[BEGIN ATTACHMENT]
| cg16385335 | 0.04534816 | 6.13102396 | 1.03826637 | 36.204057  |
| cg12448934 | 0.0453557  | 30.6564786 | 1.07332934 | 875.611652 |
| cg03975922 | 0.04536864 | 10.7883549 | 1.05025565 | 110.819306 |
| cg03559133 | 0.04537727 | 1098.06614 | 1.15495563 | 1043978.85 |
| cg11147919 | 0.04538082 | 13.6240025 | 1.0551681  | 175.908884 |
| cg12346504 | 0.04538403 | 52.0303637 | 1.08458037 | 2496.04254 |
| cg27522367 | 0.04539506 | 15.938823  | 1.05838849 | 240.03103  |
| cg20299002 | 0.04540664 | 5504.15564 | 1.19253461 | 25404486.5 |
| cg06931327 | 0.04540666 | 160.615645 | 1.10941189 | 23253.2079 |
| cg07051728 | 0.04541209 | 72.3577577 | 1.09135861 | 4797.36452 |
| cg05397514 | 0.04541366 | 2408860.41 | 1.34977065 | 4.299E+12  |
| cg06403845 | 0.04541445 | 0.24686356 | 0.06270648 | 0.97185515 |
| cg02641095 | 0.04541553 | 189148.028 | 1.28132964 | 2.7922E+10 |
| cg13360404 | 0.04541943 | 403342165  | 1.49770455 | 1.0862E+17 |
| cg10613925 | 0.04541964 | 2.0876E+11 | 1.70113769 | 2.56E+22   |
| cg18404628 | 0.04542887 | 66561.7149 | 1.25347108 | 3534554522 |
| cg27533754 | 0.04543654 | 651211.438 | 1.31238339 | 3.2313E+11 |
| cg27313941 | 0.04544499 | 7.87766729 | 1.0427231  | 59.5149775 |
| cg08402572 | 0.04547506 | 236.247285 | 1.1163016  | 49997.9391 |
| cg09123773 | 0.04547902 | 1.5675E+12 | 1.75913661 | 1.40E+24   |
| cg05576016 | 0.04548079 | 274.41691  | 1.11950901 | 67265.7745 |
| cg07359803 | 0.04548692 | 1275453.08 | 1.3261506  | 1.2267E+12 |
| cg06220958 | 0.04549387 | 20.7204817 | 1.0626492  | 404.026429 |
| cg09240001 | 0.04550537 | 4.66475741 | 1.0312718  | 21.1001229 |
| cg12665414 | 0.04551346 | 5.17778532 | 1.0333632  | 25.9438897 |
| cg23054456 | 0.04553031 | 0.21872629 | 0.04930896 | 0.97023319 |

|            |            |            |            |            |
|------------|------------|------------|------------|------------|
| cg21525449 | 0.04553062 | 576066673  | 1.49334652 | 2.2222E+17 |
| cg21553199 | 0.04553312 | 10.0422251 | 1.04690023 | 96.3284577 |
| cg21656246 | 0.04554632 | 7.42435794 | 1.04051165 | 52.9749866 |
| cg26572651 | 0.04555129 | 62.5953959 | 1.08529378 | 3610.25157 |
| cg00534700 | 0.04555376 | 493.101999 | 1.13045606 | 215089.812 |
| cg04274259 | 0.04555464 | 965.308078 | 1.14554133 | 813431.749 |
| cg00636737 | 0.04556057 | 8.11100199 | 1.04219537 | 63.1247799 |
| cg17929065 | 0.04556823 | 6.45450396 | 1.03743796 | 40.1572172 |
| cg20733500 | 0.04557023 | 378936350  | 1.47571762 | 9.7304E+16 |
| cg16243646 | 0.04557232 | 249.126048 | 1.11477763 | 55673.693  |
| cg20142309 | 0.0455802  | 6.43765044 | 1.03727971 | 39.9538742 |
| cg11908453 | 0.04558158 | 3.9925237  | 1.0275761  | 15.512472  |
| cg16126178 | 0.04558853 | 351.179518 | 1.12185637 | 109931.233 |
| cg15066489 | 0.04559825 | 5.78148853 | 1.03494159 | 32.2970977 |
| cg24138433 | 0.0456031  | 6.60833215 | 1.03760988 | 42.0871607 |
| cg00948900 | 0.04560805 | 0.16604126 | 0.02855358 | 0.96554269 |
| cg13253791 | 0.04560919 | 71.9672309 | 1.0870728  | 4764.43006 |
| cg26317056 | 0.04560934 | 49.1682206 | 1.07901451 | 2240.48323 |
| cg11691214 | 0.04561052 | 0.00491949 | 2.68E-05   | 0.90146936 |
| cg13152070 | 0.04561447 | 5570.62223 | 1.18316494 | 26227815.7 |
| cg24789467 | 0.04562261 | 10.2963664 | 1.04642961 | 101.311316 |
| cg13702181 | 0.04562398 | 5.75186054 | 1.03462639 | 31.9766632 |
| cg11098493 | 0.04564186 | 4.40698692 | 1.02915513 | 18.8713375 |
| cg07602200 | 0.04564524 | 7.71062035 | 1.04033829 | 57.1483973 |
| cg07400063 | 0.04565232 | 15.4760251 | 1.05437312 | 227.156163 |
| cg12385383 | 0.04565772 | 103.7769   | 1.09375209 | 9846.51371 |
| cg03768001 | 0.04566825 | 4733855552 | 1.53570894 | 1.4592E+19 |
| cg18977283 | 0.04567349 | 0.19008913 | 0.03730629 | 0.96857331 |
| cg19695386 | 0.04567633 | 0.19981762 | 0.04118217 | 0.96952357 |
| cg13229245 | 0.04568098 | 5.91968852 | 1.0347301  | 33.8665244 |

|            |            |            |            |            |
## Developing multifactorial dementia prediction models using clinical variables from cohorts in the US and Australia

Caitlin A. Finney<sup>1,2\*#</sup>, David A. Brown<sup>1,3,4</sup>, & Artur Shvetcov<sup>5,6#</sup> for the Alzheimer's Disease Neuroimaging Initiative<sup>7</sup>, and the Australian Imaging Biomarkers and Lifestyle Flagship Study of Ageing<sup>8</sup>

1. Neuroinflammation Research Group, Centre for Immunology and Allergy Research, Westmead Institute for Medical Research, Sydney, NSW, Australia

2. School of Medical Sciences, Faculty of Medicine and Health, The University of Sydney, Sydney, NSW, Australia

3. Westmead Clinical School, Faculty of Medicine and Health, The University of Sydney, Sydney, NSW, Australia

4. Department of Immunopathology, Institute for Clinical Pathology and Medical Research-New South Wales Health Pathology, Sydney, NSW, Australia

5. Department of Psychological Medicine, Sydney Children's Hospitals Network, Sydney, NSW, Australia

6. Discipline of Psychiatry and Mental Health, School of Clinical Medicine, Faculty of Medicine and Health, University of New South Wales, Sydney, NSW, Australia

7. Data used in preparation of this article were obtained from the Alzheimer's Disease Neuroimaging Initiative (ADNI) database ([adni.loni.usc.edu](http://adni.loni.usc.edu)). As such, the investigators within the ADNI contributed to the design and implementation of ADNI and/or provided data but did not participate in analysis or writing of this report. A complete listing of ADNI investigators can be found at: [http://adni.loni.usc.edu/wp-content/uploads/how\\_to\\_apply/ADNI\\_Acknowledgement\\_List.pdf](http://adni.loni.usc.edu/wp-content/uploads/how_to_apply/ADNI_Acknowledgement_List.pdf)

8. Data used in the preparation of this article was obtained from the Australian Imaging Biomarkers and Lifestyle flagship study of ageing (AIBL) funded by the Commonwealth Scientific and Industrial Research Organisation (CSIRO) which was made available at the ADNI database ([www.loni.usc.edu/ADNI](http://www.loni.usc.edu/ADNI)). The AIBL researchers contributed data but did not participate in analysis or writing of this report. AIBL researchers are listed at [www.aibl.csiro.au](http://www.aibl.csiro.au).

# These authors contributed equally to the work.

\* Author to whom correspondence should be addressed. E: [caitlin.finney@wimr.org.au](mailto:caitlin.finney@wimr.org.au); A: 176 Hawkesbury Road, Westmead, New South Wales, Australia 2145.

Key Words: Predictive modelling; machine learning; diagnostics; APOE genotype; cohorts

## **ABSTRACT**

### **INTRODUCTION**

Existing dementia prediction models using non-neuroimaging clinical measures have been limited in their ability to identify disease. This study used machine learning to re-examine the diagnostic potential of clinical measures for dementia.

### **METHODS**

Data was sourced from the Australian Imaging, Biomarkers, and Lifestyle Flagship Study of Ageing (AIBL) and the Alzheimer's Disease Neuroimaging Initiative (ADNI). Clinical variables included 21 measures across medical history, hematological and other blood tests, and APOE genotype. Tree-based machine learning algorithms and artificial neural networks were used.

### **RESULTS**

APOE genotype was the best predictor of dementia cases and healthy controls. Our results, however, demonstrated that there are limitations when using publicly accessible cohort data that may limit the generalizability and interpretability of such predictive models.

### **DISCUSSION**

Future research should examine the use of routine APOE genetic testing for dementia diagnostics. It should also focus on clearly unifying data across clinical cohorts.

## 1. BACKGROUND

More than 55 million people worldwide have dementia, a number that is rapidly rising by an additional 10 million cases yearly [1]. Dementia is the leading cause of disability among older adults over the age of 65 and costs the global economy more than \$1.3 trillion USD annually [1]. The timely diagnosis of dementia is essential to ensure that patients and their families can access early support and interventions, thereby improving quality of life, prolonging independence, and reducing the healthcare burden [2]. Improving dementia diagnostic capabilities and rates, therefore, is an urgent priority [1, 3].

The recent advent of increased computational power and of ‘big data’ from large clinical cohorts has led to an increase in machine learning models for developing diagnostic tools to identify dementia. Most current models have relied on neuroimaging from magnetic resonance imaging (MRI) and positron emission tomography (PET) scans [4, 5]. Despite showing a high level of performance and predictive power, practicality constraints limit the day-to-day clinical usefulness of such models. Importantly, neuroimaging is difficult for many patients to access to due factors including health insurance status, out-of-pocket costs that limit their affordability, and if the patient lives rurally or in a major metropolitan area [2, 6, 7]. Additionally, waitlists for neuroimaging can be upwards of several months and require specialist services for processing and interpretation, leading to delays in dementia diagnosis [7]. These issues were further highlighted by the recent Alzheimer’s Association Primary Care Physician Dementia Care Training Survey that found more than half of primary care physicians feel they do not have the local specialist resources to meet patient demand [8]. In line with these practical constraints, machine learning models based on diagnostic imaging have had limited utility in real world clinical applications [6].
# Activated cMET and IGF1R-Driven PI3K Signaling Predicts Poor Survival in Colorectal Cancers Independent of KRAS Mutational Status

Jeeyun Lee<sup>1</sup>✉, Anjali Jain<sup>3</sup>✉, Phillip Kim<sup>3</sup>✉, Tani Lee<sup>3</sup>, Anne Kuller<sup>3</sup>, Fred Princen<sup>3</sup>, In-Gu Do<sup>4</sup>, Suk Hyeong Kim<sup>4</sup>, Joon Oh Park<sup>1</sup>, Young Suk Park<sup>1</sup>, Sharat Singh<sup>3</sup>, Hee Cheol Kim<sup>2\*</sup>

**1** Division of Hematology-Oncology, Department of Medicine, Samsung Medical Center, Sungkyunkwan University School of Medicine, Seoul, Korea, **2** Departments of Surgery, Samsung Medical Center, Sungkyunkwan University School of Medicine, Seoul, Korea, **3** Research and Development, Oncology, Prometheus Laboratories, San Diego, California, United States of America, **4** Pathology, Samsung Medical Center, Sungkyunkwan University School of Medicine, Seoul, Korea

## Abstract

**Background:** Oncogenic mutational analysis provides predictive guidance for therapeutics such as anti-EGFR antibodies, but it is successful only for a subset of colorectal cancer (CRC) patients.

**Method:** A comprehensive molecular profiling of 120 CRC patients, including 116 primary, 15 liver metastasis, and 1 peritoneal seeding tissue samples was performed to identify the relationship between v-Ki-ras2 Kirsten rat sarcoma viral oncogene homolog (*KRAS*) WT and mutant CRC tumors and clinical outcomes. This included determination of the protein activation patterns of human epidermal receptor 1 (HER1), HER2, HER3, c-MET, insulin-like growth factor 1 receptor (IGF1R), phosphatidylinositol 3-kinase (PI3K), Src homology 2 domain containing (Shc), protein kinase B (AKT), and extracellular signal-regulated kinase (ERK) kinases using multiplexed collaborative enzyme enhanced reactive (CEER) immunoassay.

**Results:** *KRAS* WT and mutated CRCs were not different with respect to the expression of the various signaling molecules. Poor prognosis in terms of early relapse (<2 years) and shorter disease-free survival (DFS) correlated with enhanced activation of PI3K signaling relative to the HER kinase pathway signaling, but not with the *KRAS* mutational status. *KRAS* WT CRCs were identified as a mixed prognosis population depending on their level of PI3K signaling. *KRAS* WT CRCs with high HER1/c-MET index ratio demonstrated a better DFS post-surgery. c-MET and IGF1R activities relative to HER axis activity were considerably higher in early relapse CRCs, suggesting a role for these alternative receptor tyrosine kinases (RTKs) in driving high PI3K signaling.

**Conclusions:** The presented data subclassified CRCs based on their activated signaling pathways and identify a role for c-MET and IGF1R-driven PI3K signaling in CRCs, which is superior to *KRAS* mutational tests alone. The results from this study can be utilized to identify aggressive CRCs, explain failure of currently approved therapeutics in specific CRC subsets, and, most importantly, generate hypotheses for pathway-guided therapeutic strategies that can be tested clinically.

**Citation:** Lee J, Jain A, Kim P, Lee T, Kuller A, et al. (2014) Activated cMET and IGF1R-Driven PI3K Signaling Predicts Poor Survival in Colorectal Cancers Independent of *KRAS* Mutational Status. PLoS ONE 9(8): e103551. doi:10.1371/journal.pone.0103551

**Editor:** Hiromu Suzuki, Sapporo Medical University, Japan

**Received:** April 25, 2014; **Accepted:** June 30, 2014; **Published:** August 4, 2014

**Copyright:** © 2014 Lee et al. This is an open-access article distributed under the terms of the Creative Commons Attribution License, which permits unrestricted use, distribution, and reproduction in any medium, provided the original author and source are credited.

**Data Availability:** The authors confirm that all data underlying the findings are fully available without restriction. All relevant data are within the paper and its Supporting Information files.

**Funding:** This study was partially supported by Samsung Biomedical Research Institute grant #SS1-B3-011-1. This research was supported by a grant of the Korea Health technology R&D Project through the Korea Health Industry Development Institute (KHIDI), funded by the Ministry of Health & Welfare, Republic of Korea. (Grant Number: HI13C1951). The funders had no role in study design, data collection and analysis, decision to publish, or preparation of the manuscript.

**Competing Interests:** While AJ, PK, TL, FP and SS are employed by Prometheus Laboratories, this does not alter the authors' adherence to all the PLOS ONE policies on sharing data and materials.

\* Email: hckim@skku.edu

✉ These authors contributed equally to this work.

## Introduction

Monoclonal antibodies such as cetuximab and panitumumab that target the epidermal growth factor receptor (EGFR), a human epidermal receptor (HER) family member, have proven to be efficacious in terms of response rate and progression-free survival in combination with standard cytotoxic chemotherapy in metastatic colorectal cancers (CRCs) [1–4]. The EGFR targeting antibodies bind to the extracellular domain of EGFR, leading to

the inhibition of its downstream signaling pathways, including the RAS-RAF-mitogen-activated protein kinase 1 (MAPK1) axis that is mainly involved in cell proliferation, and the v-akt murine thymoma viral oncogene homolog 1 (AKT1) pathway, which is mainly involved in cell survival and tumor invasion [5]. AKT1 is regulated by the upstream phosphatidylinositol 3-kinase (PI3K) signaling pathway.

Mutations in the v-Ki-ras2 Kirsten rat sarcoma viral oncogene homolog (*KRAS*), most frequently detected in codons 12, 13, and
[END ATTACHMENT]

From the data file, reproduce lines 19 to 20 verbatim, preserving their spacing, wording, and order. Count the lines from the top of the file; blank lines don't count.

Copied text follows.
| cg08402572 | 0.04547506 | 236.247285 | 1.1163016  | 49997.9391 |
| cg09123773 | 0.04547902 | 1.5675E+12 | 1.75913661 | 1.40E+24   |